I've been trying to get a reliable, and decently secure setup on a device for a little while now, and I feel like I may be overthinking some things but I am unsure.

Just to clear things up, this is mostly just for fun, and interest, so I don't exactly have a threat model that I am targeting. I am trying to find the best balance between usability and security.

Currently the setup is like this:

  • The laptop has one drive with two base partitions, boot and a dm-crypt/LUKS encrypted volume.
  • The encrypted volume has an LVM set up on it with a volume for swap, and root.
  • The encrypted volume is unlocked automatically at boot through the use of Intel PTT (Intel's TPM module within the CPU).
  • The UEFI/BIOS (including access to the boot menu) is locked with a strong password.
  • Secure boot is enabled to prevent unauthorized devices from booting on the system.

The issue that I'm having is that I realize that TPM's are not perfect for securing a system (of course nothing is necessarily perfect, mind you). There are a few simple enough attacks that can compromise them like probing the data lines of the module; however, if I understand correctly, Intel PTT, and AMD fTPM are within the CPU, so I would assume they would be immune to such attacks. However there is still of course the issue of a cold boot attack; once the keys have been released from the TPM, they are vulnerable within the RAM. And with this setup, the keys are released automatically at boot. One solution to this would be to set a boot pin, but I am trying to avoid the mild annoyance of having to input a password on boot.

What I thought might work is to also encrypt the home directory using something like fscrypt (I thought perhaps making a dedicated LUKS home partition would work, but I'm not sure its possible to unlock it at login. Please correct me if I am wrong.) so that at least the personal data is secure in the event of the device being physically compromized. But I would assume that if the device is sleeping, then the keys are still in RAM, and vulnerable in the same way as the drive keys on boot making the home encryption somewhat irrelevent, unless the device is shut down initially. However, it turned out that encrypting the home directory turned out to be somewhat of a pain (unless I am going about it in the completely wrong way) so I am wondering if it is even worth it at all.

Is the setup of just encrypting the root drive the best balance that I am going to strike? Is there any way that I can improve it that I am not aware of?

From all the reading that I have done on this endeavor, it seems that true security must be built in from the ground up, like in the iPhone. There really isn't much way to cobble together a bunch of pieces to get a truly secure and useable system. I would love it if someone could dissuade these thoughts of futility.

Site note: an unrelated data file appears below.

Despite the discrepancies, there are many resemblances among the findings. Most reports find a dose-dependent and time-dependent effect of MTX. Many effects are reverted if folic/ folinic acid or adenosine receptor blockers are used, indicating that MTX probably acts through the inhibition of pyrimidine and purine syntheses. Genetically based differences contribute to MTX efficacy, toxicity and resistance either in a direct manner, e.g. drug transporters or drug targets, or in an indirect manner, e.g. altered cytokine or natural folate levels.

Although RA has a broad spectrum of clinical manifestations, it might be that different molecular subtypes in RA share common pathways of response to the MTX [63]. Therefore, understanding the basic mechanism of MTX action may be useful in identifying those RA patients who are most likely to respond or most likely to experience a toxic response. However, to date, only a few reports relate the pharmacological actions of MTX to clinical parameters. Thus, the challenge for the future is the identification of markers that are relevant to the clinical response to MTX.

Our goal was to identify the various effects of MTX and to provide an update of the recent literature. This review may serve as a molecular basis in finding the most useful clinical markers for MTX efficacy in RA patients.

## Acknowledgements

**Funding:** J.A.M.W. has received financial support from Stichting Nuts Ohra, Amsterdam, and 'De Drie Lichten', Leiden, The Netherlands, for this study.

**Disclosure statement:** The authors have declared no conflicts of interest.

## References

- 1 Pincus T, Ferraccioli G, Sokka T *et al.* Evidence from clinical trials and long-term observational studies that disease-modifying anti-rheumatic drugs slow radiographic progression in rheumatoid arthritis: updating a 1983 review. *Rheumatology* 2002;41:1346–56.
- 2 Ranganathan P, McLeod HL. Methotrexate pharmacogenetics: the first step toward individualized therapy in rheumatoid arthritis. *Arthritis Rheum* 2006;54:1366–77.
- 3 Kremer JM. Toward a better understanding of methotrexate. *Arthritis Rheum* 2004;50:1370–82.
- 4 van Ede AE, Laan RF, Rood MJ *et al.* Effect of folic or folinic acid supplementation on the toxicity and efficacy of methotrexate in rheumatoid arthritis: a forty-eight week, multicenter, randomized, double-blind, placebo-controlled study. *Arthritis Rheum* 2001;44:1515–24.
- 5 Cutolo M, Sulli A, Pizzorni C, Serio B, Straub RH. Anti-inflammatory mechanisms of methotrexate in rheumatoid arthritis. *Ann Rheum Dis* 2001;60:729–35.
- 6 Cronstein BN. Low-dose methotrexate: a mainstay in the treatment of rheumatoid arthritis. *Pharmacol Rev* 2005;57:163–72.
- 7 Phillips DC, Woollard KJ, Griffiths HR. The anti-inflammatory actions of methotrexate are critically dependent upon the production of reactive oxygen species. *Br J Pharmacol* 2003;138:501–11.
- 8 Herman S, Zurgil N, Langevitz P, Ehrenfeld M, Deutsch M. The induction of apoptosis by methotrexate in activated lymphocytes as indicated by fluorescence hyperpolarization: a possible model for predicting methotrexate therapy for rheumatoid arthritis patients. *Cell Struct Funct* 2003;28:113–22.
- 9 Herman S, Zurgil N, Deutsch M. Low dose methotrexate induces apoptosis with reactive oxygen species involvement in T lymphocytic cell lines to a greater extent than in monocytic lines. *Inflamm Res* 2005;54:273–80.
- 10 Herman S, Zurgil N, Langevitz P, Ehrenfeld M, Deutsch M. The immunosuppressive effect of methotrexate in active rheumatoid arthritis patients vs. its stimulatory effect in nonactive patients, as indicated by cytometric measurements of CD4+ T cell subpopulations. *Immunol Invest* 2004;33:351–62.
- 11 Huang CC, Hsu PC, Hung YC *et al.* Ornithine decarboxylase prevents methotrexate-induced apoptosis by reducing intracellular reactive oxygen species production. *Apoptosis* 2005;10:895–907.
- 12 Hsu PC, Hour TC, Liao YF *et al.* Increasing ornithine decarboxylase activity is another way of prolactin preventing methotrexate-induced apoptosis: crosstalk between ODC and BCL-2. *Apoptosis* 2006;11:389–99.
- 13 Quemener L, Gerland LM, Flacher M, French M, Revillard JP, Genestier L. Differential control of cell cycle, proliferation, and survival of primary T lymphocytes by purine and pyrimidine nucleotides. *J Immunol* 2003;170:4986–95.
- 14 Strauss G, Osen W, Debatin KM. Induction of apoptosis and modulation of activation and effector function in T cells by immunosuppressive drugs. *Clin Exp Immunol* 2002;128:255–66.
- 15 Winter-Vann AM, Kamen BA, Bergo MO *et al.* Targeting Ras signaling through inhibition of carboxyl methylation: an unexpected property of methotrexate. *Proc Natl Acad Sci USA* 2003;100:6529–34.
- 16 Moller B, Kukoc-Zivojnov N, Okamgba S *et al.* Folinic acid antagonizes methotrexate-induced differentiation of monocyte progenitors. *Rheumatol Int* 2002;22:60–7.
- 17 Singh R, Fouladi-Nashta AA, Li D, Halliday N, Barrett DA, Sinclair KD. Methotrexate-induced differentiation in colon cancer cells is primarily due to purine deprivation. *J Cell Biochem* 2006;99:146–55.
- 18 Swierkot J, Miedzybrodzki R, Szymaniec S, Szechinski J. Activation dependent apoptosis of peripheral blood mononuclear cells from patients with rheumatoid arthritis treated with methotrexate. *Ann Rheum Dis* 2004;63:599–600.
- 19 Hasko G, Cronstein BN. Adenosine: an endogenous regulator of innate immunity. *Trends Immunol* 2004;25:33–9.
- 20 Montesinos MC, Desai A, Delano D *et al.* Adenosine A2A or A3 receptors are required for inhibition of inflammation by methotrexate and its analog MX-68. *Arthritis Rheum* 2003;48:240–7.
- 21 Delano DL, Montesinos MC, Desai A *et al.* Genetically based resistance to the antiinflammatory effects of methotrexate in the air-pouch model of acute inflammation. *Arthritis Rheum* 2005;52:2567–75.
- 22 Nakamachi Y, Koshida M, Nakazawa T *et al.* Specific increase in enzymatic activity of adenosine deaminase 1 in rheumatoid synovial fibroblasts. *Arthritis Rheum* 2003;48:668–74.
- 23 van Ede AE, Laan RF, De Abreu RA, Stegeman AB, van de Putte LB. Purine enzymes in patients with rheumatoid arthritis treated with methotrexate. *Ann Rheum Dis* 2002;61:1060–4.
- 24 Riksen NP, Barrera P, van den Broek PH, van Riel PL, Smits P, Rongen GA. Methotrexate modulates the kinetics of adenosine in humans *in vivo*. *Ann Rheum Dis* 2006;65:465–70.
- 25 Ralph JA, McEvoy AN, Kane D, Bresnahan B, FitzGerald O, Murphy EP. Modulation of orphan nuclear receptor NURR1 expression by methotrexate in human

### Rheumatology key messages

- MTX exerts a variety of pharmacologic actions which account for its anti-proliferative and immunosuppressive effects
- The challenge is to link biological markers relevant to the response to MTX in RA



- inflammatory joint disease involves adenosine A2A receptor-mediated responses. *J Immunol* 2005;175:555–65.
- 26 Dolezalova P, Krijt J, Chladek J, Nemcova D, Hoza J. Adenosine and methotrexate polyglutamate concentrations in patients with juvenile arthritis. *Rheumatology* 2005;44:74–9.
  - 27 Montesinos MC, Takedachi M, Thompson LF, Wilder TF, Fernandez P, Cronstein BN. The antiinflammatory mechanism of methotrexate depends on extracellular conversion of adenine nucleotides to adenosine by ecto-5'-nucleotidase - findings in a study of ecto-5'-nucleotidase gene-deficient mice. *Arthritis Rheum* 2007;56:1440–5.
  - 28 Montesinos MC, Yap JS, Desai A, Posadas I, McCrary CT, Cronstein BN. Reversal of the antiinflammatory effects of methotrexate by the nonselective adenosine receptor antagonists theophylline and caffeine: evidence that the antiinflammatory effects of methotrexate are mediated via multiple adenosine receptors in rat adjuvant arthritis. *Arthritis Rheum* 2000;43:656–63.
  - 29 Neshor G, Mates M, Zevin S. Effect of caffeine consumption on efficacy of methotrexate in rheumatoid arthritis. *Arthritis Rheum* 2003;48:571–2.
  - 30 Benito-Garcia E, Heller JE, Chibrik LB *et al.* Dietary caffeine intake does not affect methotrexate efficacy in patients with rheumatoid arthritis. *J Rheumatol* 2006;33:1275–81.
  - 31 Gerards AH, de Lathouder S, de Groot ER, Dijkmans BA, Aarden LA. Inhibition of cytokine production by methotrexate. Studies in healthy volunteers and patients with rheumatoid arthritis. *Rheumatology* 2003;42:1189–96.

• 3
    "don't exactly have a threat model ... best balance between usability and security" - From my understanding you don't have any actual defined requirements on both security and usability. You just feel uncomfortable with what you have since since there are known attacks against what you have - even if it is not clear if these attacks are relevant for you at all. I think you first make yourself clear what you need to protect (values), what you need to protect it against (threats) and what costs you are willing to accept (money, usability). There will always be trade-offs. May 20, 2023 at 6:37
  • I don't use Linux, so I can't answer your question. A reasonably secure setup would be Full-Disk Encryption with a Pre-Boot Authentication password or TPM+PIN. To remedy the RAM issue, you could use RAM encryption, for devices that support it (I think AMD announced a consumer CPU that supports this). Nevertheless, please have in mind that the BIOS password can, in most cases, be easily bypassed/reset. You called the TPM PIN a "mild" annoyance; to me, that is acceptable since it raises significantly the security of the system. Also, I don't think that the iPhone protects the RAM, either. Jun 12, 2023 at 22:53
  • I haven't read the 210-page document, but my guess is that the iPhone uses a secure element to store the keys and it releases them after verifying the PIN. When locked, it also possibly removes the keys from RAM and keeps two partitions in storage, one for private data and one for the application binaries, etc. The secure element+PIN is the same as TPM+PIN. I doubt that the iPhone has encrypted RAM, so the only additional measure it ahs is that it deletes the keys from RAM when locked. My comments are based on the presupposition that the system is using Secure Boot and SRTM in TPM. Jun 12, 2023 at 23:02


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